Injecting shellcode into processes with Syringe

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1) Opens a handle to the remote process

2) Uses VirtualAllocEx to allocate memory in the remote process with the necessary permissions of read, write, and execute. Then uses WriteProcessMemory to copy the shellcode to the remote buffer.

3) Repeats step #2 with the assembly stub

4) Starts the assembly stub via a call to CreateRemoteThread, with a pointer to the assembly stub as the function to execute and a pointer to the remote shellcode as the argument.

When I initially used this technique, I was disappointed to discover a problem with the assembly stub. When the assembly stub is written, the SEH chain contains addresses from the injecting process (in this case, Syringe), which are not valid in the victim process. Because of this, when the SEH chain is created, the remote process will crash with an access violation. In order to get around this issue, I created an additional assembly stub within Syringe that does not contain the SEH chain specifically for injecting into remote processes.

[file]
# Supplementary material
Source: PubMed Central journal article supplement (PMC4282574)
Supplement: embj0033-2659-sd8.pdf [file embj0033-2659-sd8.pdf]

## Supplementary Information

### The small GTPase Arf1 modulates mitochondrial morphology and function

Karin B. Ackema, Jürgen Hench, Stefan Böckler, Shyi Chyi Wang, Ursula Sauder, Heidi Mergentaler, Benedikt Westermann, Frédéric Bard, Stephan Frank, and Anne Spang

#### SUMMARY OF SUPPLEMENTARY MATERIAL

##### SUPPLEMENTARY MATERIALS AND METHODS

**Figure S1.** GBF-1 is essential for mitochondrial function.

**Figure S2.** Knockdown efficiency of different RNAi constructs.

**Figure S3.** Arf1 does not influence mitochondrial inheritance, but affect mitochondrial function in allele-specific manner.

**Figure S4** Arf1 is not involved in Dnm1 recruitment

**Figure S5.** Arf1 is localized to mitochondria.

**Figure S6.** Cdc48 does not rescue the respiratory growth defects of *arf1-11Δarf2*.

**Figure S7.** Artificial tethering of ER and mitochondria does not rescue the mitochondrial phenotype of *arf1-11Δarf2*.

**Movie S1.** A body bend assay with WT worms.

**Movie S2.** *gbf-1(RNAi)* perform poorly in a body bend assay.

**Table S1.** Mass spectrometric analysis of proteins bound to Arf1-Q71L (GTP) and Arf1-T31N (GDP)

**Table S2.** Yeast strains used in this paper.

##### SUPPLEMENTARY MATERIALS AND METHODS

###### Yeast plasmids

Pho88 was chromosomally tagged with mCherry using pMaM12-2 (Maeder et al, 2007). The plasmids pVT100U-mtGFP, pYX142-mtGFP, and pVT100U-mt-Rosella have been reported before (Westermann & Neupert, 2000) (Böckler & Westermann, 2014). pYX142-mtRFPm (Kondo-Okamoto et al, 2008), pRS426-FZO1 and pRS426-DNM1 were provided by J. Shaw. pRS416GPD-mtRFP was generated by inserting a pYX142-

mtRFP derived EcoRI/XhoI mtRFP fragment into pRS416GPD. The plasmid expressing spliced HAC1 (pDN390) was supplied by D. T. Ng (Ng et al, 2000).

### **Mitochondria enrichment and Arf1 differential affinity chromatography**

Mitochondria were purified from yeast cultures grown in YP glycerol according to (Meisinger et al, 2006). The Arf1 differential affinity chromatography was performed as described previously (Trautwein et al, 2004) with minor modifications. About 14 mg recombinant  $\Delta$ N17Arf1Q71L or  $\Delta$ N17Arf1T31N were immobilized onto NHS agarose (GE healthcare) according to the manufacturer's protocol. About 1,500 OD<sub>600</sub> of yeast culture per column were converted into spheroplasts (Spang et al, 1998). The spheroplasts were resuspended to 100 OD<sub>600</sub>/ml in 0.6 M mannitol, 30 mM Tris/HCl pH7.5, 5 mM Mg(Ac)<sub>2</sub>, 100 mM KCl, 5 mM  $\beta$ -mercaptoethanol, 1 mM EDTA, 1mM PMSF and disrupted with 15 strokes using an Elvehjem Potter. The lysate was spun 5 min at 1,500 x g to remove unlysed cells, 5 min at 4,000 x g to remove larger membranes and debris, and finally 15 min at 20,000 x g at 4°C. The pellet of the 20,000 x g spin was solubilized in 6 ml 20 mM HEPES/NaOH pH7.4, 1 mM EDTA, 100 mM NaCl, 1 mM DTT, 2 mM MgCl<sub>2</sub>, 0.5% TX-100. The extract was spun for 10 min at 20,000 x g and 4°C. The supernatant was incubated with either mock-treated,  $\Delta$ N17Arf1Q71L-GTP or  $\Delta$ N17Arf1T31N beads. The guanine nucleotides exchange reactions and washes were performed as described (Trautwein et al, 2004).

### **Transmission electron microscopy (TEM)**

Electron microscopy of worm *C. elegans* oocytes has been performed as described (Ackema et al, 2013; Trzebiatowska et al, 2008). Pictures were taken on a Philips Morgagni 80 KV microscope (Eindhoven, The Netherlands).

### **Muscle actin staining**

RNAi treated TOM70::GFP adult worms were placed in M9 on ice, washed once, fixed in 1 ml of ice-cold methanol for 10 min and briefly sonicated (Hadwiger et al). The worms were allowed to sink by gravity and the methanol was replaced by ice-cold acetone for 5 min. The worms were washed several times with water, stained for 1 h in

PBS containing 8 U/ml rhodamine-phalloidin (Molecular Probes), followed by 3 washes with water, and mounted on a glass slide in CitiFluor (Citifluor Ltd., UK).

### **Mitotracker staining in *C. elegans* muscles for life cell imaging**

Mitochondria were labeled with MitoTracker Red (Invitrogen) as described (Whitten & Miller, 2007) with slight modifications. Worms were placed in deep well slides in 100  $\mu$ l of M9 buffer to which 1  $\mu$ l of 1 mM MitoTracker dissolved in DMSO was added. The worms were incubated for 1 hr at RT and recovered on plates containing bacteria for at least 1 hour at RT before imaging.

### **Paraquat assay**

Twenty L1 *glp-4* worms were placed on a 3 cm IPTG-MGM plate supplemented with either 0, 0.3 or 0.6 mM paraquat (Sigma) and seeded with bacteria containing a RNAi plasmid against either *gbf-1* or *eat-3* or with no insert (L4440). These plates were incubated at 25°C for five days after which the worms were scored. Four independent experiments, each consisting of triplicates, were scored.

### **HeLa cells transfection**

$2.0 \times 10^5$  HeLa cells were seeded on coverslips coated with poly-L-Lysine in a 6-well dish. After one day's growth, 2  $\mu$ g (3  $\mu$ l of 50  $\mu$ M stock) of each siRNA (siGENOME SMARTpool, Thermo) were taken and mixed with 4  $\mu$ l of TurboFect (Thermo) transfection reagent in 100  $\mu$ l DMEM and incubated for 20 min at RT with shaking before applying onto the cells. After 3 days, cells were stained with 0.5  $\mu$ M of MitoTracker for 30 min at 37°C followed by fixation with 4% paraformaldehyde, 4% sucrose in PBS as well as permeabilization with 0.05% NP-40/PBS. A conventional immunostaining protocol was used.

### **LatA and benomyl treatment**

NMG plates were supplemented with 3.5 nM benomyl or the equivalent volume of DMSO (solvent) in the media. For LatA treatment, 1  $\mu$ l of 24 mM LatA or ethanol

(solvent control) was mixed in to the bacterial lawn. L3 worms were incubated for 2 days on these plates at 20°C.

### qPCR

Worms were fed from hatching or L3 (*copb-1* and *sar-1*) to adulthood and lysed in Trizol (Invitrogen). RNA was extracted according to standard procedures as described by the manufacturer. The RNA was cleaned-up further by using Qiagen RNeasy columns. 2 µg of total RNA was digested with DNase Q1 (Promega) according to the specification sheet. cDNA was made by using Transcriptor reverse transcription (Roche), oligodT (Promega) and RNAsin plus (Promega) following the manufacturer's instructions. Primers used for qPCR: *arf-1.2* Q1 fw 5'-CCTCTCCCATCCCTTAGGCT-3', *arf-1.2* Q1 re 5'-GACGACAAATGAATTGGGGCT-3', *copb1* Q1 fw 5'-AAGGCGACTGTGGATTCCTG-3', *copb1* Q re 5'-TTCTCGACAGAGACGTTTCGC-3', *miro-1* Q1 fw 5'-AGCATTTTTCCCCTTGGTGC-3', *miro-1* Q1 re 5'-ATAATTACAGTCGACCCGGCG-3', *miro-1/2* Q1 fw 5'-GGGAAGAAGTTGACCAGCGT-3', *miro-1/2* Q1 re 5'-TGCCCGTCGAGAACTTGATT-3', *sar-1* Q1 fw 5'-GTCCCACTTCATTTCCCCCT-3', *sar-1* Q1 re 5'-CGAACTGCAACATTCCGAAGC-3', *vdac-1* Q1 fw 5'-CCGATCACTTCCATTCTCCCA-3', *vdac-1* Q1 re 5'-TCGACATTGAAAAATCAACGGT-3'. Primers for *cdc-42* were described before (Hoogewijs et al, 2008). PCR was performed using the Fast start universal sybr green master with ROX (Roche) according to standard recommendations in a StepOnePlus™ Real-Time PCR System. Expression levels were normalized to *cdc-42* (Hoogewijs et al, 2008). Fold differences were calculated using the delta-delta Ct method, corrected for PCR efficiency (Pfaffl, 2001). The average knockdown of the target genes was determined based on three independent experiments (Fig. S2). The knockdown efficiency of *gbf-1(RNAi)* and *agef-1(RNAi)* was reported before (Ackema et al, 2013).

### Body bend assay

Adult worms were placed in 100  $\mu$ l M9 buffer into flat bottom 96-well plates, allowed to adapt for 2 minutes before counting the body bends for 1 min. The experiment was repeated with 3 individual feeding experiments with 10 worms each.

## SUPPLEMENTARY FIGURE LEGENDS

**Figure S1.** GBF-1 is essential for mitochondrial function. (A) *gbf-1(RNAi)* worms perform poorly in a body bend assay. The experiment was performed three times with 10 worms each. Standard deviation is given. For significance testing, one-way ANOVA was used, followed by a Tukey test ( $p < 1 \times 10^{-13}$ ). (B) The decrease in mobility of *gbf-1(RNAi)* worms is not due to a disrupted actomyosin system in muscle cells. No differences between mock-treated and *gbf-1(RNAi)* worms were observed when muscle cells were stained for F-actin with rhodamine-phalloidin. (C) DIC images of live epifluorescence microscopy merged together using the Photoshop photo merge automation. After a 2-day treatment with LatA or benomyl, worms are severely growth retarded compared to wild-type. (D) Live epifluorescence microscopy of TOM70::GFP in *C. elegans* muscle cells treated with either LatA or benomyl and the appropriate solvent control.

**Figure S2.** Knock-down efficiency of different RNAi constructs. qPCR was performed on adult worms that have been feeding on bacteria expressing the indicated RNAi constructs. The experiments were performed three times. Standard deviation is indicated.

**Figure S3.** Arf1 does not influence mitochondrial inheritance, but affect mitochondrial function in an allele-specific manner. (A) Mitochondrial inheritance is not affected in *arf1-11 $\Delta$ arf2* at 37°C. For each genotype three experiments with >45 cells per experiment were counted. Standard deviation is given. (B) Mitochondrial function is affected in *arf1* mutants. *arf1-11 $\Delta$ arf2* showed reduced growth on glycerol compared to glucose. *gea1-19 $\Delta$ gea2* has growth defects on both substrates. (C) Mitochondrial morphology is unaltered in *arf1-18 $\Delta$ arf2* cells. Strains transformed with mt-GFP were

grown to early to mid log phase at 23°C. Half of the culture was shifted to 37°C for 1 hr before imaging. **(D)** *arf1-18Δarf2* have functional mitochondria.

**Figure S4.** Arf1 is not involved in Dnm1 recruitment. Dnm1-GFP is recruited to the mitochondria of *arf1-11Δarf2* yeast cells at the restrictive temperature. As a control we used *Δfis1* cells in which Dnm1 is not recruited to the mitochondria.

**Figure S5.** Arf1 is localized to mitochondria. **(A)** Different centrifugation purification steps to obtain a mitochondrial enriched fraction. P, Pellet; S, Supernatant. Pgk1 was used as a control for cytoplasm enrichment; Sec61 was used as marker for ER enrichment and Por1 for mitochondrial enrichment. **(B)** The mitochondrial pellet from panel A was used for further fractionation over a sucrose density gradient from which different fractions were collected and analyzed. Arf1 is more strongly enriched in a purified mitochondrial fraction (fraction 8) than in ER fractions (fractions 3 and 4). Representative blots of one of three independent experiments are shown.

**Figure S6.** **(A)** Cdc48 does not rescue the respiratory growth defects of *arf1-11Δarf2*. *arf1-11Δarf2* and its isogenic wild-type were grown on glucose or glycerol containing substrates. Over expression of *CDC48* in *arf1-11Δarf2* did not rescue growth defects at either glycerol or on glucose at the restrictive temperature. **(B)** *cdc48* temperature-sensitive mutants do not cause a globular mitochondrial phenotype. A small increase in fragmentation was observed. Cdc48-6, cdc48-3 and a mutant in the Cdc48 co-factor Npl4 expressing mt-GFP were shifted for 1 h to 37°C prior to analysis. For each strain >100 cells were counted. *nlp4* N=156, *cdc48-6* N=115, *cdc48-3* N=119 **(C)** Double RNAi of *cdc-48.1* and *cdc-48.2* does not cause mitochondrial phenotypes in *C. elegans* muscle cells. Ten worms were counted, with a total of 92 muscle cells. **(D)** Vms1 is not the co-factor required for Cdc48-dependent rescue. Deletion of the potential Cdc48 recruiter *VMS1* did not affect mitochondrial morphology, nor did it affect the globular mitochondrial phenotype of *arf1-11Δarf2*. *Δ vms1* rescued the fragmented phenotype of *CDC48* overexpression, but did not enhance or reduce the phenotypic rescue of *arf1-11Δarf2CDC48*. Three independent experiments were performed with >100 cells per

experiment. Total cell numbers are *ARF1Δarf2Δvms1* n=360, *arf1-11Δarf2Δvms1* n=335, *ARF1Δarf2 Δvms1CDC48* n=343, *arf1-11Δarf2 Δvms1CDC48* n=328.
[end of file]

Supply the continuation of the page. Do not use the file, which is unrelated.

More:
Once the SEH chain was removed, the shellcode would inject and execute successfully; however, when the shellcode exited once again, the remote process would crash. After reviewing this behavior, I determined that the problem was that the shell code I was generating with the Metasploit Framework was using Thread as its exit method. With this being the case, it is necessary for the assembly stub to make a call to ExitThread before returning. The ExitThread function is called to clean up current thread's resources before returning. With the call to ExitThread in place, the remote process is not affected when the shellcode terminates.

The final code used to generate the assembly stub for injection into remote processes is:

DWORD WINAPI RemoteExecPayloadStub(LPVOID lpParameter) {

                __asm {

                                mov eax, [lpParameter]

                                call eax

                                push 0

                                call ExitThread

                }

                return 0;

}

 

Lines 3 and 4 move the pointer passed to the function as the argument into register EAX before calling it, just like ShellCodeExec does. Lines 5 and 6, push 0 (the argument) onto the stack, before making a call to ExitThread.

We can inject this modified version into the remote process and successfully execute shellcode in its context, interact with our shellcode and exit out of it, without damaging the remote process. A couple of things for users to keep in mind is that, when generating shellcode, to inject into the remote process the user must be sure to always select “Thread” as the exit function both when generating the shellcode and when setting up the handler for it when necessary.

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